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British workers emigrating to industrialising Europe, 1815-c.1870

Periodic Reporting for period 1 - Labour and Migration (British workers emigrating to industrialising Europe, 1815-c.1870)

Reporting period: 2016-09-01 to 2018-08-31

This project built on my ongoing study of British workers who went to France. In the decades that followed the end of the Napoleonic wars, France was the major destination for British skilled workers. Several factors contributed to this trend. The size of the country and its closeness to Britain, the fact that France was lagging behind British industry in several sectors, and the Anglomania of some in the French elite, created abundant opportunities in France for British investors, engineers and workers. For instance, the railway line between Paris and Le Havre, was built by Britons between 1841 and 1847. It was a technical achievement, with many bridges, long tunnels and stunning viaducts. Its financial capital was Scottish and French; it was built under the supervision of a British engineer, Joseph Locke, whose British contractors, William Mackenzie and Thomas Brassey, became two of the most successful 19th-century railway entrepreneurs. All in all, Brassey built some 1,500 km of railways in France, as well as between Bilbao and Miranda (Spain), Charleroi and Givet (Belgium), Buffalera, Torino (Italy) and Culoz (France), Pistoia and Prato (Italy), Amsterdam (Netherlands) and Emmerich (Germany). Likewise John Cockerill played a decisive part in building the first railroads in Belgium, using machinery purchased from the British engineers Robert and George Stephenson. Early German railroads also relied upon British locomotives, initially driven by British mechanics. More generally, British machines were sold across Europe.
What social and cultural factors enabled British capital to flow to continental enterprise, British skills to shape labour processes in Europe and British male and female labourers to seek and find continental employment? More broadly, how did these phenomena play out on the continent in this period? What were the practicalities of labour migration? Did migrant Britons constitute isolated or relatively integrated communities? Why and how were they targeted by xenophobic riots? What were their religious and cultural lives? Were they involved in trade unions or political associations? To address these questions, this project has focused on four aspects of the social and cultural history of British influence. First, it has assessed the quantitative parameters of this migration; second, it has examined the practicalities of migration; third, it has explored British migrants’ relations to and integration with local populations; fourth, it has examined the cultural, religious and associational activities of migrants—their schools, religious practices, associations, newspapers, games and leisure.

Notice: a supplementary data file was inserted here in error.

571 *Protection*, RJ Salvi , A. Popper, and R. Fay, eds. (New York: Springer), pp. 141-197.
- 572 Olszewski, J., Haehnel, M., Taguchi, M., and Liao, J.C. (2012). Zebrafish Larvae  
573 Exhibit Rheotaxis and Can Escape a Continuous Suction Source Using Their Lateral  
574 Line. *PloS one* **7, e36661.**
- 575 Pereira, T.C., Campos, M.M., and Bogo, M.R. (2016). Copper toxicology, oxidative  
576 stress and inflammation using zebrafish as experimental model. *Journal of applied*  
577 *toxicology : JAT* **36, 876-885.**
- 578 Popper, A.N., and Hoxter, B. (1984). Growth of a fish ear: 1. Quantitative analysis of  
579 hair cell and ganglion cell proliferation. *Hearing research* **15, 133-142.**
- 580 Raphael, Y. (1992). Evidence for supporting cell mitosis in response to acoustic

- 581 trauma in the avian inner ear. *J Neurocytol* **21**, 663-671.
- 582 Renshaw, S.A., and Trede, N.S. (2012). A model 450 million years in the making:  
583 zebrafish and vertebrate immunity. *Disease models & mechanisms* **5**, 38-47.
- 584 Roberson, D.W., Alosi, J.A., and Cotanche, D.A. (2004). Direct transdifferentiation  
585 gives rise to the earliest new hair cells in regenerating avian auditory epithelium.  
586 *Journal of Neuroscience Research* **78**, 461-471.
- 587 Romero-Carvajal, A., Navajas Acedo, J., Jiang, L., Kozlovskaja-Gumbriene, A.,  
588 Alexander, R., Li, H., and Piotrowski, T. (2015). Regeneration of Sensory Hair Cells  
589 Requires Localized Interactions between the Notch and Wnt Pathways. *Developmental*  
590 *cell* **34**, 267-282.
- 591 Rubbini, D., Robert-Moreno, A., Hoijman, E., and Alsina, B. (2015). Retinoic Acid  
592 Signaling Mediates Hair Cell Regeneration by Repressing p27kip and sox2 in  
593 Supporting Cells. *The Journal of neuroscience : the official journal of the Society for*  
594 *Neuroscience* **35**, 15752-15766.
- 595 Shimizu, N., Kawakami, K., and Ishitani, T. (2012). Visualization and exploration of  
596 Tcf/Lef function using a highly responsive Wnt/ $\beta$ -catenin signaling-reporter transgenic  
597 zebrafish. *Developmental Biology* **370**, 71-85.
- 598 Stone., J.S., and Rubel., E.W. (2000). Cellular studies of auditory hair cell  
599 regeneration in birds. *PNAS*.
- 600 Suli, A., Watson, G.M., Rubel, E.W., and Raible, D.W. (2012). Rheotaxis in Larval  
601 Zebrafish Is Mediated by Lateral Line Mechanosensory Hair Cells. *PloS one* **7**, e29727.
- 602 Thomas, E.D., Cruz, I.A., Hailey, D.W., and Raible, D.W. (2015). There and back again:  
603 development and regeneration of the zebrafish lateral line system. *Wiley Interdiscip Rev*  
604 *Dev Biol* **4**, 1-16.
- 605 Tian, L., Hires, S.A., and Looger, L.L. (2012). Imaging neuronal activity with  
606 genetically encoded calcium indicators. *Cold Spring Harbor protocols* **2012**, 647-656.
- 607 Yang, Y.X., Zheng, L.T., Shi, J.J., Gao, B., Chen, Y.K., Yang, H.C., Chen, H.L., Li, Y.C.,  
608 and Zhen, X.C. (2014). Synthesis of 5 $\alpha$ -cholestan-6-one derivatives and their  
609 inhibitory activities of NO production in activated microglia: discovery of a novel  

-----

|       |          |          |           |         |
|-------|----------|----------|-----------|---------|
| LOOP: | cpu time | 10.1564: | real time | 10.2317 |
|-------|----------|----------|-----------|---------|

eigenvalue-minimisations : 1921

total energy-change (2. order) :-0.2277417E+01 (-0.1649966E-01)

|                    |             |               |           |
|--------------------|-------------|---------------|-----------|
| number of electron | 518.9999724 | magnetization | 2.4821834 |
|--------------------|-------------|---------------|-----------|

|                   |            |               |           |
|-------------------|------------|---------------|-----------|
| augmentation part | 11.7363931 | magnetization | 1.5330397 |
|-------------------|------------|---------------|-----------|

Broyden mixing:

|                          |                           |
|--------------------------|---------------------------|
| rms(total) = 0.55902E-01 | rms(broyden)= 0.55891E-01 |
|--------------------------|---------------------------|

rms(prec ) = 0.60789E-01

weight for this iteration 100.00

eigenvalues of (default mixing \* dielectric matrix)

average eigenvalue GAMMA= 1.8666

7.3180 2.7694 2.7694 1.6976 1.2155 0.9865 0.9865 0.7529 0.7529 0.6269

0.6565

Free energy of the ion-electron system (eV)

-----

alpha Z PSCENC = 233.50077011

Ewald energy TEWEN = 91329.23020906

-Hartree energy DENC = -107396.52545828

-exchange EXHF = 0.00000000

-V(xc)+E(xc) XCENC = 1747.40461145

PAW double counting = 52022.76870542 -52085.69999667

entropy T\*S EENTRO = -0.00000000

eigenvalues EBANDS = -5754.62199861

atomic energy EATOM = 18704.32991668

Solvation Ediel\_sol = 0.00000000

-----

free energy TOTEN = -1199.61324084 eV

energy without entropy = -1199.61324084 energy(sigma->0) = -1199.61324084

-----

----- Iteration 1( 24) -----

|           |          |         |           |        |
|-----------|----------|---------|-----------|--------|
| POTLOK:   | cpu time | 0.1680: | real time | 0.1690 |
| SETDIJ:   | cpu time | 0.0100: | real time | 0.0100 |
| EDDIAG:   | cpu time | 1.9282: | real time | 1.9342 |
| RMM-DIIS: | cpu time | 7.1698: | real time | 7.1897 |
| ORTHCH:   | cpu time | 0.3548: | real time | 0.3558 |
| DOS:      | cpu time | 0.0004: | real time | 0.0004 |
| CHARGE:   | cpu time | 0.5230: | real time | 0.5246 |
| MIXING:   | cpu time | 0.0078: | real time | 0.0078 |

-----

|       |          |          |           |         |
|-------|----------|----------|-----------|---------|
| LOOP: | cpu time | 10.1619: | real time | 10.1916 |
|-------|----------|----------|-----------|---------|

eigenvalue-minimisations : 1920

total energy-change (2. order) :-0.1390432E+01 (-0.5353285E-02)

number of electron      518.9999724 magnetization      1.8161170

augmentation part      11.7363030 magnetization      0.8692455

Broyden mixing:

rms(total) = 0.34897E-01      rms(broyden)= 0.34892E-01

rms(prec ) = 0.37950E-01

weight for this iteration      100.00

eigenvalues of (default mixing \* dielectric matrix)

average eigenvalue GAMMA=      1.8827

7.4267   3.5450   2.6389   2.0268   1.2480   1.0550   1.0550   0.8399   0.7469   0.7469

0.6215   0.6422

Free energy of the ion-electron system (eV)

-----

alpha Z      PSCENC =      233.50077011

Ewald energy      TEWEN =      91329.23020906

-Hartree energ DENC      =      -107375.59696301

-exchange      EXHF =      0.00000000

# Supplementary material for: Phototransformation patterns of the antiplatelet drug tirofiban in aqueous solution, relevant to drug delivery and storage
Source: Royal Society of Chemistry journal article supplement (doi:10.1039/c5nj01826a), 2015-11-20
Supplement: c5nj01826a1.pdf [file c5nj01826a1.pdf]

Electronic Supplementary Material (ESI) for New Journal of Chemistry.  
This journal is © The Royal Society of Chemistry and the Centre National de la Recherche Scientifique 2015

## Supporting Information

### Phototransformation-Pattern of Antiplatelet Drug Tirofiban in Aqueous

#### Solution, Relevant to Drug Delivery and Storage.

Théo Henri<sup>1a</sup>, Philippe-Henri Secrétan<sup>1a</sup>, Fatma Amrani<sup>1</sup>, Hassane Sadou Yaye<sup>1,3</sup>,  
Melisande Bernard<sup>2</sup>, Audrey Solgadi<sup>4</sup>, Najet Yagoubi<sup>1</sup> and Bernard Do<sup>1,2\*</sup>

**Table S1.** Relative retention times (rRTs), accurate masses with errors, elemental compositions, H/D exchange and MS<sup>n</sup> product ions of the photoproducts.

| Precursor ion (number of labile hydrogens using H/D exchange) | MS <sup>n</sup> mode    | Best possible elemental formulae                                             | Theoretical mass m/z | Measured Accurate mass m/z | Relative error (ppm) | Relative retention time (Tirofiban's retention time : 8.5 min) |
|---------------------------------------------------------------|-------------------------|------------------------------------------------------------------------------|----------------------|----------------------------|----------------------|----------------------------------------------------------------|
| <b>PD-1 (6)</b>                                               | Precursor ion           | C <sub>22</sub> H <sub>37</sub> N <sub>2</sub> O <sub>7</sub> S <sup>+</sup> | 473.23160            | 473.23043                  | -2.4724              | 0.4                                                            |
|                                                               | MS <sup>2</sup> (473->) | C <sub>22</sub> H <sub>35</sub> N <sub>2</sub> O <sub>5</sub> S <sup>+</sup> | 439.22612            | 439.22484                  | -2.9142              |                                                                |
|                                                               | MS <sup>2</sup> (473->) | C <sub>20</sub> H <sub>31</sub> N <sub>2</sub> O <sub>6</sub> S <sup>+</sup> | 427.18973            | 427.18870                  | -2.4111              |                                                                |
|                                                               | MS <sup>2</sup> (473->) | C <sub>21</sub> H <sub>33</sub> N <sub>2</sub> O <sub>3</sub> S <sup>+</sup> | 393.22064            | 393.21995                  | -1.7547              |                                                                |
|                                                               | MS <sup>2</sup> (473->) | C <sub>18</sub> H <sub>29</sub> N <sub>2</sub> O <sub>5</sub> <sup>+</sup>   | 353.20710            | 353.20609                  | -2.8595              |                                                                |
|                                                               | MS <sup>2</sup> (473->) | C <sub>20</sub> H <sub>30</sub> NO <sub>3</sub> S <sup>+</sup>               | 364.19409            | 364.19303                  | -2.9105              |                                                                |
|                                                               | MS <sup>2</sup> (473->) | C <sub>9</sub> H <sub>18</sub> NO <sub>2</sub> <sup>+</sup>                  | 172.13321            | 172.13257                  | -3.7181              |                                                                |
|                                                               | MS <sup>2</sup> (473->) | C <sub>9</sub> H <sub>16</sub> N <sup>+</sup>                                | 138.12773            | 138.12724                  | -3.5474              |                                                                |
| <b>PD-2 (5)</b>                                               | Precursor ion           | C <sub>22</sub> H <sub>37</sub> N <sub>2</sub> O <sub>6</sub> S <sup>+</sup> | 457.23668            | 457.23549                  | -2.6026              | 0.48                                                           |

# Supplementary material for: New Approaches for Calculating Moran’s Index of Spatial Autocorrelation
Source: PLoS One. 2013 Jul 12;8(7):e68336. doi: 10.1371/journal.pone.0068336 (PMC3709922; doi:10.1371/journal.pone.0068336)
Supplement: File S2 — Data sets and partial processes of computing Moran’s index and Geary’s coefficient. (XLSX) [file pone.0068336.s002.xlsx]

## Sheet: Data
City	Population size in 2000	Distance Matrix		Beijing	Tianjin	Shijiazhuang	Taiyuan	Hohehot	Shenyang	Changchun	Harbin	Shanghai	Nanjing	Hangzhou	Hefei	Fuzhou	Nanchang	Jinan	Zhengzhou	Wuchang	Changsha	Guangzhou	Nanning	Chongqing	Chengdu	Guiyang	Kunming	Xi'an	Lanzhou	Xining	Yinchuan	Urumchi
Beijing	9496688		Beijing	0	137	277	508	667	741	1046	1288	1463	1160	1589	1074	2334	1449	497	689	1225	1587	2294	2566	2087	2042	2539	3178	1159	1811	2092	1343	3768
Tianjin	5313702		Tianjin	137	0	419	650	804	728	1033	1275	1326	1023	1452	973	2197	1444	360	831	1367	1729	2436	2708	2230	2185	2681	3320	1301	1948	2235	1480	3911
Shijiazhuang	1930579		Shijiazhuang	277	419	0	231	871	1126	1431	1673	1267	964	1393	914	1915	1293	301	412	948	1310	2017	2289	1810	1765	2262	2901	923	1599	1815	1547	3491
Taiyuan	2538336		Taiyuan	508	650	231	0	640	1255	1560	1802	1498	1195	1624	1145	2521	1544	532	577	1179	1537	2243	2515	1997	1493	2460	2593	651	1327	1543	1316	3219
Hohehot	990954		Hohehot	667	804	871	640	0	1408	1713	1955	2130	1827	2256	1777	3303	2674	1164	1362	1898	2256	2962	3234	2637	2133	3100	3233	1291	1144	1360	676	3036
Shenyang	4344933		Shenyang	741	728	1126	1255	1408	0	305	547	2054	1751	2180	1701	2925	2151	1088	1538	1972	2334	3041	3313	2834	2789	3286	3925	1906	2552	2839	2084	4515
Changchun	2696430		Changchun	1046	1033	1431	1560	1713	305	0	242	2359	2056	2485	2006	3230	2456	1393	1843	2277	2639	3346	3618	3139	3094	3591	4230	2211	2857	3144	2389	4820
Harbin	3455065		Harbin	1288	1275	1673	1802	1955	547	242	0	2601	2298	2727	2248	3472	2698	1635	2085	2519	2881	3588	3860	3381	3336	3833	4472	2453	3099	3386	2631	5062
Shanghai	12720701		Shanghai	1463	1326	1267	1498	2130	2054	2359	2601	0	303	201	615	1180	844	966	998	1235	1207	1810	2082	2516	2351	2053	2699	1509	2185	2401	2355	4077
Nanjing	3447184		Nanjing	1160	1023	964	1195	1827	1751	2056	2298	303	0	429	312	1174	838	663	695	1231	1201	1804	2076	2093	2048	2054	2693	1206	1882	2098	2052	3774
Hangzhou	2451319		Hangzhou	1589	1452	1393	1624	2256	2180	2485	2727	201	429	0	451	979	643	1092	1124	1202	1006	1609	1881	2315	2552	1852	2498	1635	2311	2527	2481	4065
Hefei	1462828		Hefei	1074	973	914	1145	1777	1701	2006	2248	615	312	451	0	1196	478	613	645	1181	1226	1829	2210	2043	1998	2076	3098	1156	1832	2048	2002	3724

During the two years of the fellowship, I carried out substantial archival research:
- National Archives (Kew) in London
- British Library (London)
- Mackenzie Archive at the Institute of Civl Engineers (London)
- Nottinghamshire County Archives (Nottingham, UK)
- Fonds Maiham Cockerill at the University of Liège (Belgium)
- Archives de l’État in Liège (Belgium)
- Archives royales de Belgique à Bruxelles (Belgium)
- Archives nationales (Pierrefitte-sur-Seine, France)
- Archives municipales de Calais (France)
- Archives départementales du Pas-de-Calais (Arras, France)
- Archives départementales de l’Eure (Evreux, France)
- Archives départementales de la Seine-Maritime (Rouen, France)
- Archives départementales de la Seine-et-Oise (Saint-Quentin en Yvelines, France)
As for the records I need at the International Institute of Social History in Amsterdam, I went through them online.

I have presented my research in 14 seminars and conferences in Britain, France and India.
I have published the following books:
Fabrice Bensimon (éd.), Les Sentiers de l’ouvrier. Le Paris des artisans britanniques (autobiographies, 1815-1850). Textes de John Colin, Charles Manby Smith et William Duthie, traduits de l’anglais par Sabine Reungoat. Paris, Éditions de la Sorbonne, 2017, 138 p.
Fabrice Bensimon, Quentin Deluermoz et Jeanne Moisand (eds.), “Arise Ye Wretched of the Earth”. The First International in a global perspective, Leiden, Brill, 2018, 404 p.
I have published or I am publishing the following articles
Fabrice Bensimon and Christopher A. Whatley, “The thread of migration: a Scottish-French linen and jute works and its workers in France, c.1840-c.1870”, Journal of Migration History, 2, 2016, pp. 120-147
“Calais: 1816-2016”, History Today website, 24 October 2016
(submitted and accepted by Continuity and Change. A Journal of Social Structure, Law and Demography in Past Societies): “The emigration of British lace makers to continental Europe (1816-1860s)”. This is part of a special issue I have edited on British labour emigration to continental Europe, for which I also wrote an introduction. This will be published in issue 34.1 April 2019)
« Comment ils ont inventé l’industrie », Les Collections de l’Histoire, n°77, octobre 2017, pp. 58-65.
(submitted to Textile. Cloth and Culture): “‘We are in the depth of poverty [and] our children are crying for bread.’ Women and children in the machine-made lace industry in Britain and France (1810-1860)”
(submitted and accepted by Diasporas : « À bas les Anglais ! » Mobilisations collectives contre des Britanniques, de la monarchie de Juillet à la révolution de 1848 »)
COllective reading of a Chartist newspaper to British workers in a linen factory, Landerneau, 1849